Someone I don’t even know found my innocent post and used it as a platform to rail against elected officials, without even noting the merits of this amendment. I calmly did everything I could to explain what my post was about, and educate the person about the amendment, but they willfully ignored my logical arguments and escalated their challenging tone and language.

This banter somehow drew the attention of other people, and before I knew it, this post’s comment section became a mosh pit of rage and vitriol from all sides of the political spectrum. Somehow, I had tons of attention, but none of the kind I wanted.

Should I just delete it? Should I ask my broker and colleagues in my office to comment on my behalf on the post?

Broker perspective

I am very proud of this agent for stepping out of her comfort zone and taking a huge leap into the modern communications landscape. She was smart to learn social media from experts before diving in, ask her colleagues for advice, and start with benign content and commentary.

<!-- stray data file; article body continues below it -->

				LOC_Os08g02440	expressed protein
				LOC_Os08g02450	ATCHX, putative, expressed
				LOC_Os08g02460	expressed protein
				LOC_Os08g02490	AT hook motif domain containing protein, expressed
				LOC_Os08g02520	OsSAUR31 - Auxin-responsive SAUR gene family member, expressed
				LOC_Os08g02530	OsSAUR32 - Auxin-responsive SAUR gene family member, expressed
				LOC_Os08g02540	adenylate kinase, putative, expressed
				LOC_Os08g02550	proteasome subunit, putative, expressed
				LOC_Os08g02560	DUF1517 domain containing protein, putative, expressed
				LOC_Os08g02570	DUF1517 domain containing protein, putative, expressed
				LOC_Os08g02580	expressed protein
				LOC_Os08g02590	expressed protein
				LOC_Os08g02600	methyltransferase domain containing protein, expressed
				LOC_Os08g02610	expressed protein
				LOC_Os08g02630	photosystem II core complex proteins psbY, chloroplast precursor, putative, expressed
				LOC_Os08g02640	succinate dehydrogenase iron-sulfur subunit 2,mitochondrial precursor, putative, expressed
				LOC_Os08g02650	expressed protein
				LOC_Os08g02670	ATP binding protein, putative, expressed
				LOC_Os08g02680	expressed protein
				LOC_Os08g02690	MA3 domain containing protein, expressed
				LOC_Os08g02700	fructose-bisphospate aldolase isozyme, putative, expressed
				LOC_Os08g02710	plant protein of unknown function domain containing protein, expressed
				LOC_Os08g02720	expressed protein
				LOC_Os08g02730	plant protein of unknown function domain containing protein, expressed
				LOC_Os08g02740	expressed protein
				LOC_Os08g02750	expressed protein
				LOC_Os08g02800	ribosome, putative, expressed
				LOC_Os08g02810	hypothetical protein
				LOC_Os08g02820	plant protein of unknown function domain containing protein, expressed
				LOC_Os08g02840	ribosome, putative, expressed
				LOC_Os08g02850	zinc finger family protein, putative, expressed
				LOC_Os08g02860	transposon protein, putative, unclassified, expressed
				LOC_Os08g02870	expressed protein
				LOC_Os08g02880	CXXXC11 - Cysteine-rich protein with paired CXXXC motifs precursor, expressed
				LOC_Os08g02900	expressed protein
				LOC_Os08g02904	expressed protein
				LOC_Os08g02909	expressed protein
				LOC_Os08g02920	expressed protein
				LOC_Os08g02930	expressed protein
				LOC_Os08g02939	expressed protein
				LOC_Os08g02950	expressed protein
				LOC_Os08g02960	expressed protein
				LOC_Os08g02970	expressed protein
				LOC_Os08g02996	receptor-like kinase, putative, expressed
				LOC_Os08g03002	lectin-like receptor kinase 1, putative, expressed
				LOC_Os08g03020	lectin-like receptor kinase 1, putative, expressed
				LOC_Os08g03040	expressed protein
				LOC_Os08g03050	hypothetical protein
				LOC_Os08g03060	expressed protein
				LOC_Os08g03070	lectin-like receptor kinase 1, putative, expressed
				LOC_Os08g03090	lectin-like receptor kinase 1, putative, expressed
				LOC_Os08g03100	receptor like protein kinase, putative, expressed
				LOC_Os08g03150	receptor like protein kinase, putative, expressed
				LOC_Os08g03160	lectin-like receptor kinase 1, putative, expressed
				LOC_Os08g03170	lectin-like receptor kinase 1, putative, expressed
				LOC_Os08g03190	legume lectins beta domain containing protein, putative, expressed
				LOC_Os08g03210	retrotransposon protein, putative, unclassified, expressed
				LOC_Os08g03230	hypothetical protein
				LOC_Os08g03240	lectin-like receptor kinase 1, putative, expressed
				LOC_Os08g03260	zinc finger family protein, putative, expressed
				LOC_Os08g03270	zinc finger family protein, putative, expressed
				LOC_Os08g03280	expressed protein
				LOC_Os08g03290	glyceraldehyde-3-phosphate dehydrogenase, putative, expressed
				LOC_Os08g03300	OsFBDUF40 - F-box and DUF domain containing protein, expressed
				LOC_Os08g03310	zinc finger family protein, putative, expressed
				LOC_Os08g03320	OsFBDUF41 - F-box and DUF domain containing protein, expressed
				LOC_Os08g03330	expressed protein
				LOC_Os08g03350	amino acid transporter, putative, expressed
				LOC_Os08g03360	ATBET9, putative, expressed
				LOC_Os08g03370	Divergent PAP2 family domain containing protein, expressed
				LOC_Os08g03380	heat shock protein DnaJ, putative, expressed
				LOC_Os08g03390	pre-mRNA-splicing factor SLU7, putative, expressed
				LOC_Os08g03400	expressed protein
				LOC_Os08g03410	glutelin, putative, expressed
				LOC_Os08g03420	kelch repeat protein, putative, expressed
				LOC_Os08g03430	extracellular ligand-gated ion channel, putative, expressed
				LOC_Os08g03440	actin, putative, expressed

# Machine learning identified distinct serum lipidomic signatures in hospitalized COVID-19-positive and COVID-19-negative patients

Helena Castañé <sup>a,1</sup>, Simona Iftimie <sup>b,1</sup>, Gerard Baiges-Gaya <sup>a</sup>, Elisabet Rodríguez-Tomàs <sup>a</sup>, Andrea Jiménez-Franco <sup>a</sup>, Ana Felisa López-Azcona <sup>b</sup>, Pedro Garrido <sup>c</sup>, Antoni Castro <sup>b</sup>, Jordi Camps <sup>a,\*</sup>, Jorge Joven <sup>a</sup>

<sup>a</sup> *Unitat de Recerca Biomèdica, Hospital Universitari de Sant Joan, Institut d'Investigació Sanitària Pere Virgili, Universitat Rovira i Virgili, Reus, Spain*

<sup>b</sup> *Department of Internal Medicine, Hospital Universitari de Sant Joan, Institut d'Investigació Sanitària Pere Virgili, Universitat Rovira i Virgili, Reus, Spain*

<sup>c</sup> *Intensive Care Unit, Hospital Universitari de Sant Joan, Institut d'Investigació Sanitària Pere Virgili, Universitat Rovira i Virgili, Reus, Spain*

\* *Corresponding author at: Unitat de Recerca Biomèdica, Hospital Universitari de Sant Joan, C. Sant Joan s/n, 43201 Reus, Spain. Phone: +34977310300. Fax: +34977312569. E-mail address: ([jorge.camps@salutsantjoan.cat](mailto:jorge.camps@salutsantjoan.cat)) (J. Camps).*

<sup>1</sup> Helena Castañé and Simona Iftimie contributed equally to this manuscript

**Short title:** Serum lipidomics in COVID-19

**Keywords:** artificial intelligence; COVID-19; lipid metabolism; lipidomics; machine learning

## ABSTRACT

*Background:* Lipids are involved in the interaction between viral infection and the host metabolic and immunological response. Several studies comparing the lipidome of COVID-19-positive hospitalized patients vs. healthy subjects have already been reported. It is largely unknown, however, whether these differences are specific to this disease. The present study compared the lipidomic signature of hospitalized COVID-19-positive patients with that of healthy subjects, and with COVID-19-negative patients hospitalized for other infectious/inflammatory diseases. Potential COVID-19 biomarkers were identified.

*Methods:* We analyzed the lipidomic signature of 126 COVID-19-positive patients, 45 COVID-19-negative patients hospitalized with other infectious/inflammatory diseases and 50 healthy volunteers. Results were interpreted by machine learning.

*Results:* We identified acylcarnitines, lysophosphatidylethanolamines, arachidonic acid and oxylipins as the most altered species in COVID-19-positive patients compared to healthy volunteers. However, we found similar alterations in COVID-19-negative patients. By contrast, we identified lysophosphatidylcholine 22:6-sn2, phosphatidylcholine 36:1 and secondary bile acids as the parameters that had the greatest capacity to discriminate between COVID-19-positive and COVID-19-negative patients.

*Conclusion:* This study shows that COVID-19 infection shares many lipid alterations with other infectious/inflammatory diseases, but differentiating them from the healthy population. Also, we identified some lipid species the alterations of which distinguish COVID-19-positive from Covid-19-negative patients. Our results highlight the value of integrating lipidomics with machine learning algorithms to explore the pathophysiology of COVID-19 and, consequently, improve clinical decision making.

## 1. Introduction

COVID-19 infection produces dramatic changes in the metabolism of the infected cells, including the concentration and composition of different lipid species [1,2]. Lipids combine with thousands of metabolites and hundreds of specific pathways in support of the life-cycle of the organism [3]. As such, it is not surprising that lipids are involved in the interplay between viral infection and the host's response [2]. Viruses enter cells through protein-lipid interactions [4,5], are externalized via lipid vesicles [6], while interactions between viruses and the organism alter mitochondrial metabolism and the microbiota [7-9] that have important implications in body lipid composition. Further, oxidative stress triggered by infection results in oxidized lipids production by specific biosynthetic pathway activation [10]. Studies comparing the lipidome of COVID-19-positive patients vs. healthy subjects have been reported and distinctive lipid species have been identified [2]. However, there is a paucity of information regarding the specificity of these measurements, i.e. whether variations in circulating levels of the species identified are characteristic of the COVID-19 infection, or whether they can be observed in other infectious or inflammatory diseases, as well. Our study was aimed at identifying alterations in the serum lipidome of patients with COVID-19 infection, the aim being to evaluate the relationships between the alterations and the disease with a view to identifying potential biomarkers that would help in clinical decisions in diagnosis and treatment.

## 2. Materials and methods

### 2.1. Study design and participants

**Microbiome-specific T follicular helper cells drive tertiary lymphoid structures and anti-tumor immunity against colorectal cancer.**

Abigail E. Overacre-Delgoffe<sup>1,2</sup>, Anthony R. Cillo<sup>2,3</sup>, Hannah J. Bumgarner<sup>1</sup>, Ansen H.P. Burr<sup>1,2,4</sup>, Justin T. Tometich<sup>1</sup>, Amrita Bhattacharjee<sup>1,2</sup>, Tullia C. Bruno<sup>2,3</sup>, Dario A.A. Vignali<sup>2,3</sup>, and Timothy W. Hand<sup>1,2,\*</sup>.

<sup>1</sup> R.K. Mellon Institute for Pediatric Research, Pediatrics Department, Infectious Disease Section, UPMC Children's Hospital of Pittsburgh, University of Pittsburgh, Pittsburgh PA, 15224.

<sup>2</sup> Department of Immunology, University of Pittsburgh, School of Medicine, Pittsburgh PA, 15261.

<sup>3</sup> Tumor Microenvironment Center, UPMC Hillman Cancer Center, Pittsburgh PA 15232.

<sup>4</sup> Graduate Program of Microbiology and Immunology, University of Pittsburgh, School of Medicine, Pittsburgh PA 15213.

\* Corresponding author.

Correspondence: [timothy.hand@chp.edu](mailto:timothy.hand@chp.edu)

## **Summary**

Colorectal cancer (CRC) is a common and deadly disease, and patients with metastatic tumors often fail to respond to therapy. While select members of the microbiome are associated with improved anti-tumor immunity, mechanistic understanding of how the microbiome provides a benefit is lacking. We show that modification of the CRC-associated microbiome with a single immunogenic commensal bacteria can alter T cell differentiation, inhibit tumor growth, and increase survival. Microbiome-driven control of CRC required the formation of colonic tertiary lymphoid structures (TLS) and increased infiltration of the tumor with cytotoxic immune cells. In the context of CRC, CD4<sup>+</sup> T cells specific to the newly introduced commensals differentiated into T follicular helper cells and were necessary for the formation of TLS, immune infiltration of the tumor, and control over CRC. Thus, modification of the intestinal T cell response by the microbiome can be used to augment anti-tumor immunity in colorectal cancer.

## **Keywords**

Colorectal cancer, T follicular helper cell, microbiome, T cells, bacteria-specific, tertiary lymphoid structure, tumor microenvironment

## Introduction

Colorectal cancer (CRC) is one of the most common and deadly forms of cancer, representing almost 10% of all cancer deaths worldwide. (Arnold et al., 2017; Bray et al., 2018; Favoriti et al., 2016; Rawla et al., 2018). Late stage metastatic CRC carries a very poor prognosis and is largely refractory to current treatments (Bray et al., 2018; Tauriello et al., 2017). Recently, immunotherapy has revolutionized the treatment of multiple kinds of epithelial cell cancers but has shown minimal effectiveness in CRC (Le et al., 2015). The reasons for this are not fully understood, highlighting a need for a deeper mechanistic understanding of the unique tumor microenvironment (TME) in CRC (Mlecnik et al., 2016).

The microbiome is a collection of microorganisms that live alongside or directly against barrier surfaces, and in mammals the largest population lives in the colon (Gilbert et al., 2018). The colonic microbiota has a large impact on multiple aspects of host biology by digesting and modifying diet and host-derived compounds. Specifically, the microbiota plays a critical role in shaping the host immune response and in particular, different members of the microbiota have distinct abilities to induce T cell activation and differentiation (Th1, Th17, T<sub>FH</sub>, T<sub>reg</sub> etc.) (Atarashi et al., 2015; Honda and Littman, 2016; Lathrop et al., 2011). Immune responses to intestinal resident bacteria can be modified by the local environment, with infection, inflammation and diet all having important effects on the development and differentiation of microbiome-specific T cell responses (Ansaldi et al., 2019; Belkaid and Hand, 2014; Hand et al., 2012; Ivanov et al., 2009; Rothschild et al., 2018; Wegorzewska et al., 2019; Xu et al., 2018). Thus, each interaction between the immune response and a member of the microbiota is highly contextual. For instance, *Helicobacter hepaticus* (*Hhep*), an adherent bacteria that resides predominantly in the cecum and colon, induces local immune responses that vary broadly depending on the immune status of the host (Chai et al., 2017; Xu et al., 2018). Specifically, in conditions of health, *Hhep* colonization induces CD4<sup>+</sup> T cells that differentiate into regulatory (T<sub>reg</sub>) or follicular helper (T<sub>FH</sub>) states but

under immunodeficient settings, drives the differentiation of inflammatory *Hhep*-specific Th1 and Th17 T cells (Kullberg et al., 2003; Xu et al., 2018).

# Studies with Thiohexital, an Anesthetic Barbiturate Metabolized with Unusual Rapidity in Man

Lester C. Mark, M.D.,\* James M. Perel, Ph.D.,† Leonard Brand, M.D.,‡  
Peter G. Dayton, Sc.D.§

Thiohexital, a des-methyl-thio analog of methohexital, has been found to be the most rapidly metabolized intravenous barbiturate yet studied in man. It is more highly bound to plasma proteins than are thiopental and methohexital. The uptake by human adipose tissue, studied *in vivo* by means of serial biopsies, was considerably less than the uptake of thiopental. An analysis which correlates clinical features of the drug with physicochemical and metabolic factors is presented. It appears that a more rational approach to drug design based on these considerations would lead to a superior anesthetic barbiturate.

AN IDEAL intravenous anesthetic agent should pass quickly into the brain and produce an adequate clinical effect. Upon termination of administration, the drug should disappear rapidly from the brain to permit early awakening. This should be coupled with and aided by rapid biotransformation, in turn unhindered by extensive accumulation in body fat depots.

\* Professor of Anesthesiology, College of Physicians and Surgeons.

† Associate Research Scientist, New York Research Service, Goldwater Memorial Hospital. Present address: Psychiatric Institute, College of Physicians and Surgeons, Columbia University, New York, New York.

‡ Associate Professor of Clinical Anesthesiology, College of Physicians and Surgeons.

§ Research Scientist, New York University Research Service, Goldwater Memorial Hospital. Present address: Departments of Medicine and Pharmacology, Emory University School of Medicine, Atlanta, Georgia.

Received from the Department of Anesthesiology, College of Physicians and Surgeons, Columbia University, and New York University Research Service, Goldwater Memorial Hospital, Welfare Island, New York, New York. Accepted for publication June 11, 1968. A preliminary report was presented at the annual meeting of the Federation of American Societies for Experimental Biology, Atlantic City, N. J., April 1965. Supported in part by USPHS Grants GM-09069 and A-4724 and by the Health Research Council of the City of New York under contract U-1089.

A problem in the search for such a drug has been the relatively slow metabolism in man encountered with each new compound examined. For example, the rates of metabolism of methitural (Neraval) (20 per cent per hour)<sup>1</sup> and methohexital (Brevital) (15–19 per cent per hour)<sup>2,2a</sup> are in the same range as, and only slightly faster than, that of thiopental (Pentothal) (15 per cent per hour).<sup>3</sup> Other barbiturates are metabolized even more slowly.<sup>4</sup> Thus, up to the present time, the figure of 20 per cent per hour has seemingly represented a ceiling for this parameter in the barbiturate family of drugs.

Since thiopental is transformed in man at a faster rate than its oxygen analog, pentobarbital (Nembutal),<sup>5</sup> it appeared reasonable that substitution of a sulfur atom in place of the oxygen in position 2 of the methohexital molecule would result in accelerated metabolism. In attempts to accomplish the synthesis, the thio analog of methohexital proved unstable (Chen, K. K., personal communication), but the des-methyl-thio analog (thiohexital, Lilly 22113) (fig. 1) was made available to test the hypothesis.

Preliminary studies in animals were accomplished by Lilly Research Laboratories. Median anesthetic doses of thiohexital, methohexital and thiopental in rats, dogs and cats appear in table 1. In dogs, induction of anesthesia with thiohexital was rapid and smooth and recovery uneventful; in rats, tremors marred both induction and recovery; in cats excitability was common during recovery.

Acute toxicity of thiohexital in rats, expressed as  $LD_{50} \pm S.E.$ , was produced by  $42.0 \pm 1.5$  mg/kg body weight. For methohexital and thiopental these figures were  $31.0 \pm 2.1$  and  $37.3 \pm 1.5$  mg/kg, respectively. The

I only wish she had come to me before sharing anything even remotely political. Right or wrong, there is always risk when we post opinions online, especially for those who are admired, successful and in a highly competitive business such as real estate sales.

If you post something that is interesting enough to gain an audience, you are bound to find someone who will disagree and use your post as a soapbox for their own agenda. You will never have 100 percent agreement.

As this agent highlights her affiliation with our company and office on her social media profile, we have already become unwitting advocates for any political posting by proxy, and that’s when it becomes a problem for us. I am certainly not going to venture into this discussion via our company’s social media accounts, even if I support this agent and her good intentions.

Despite these challenges, I want to motivate this agent to remain engaged and active on social media, and to build her online presence with an image that reflects her as the professional she is. An event like this could discourage her from using social media in the future, which would be a loss to her in more ways than one.

She has opened the door to a better way to communicate and build relationships and just needs to have her confidence restored.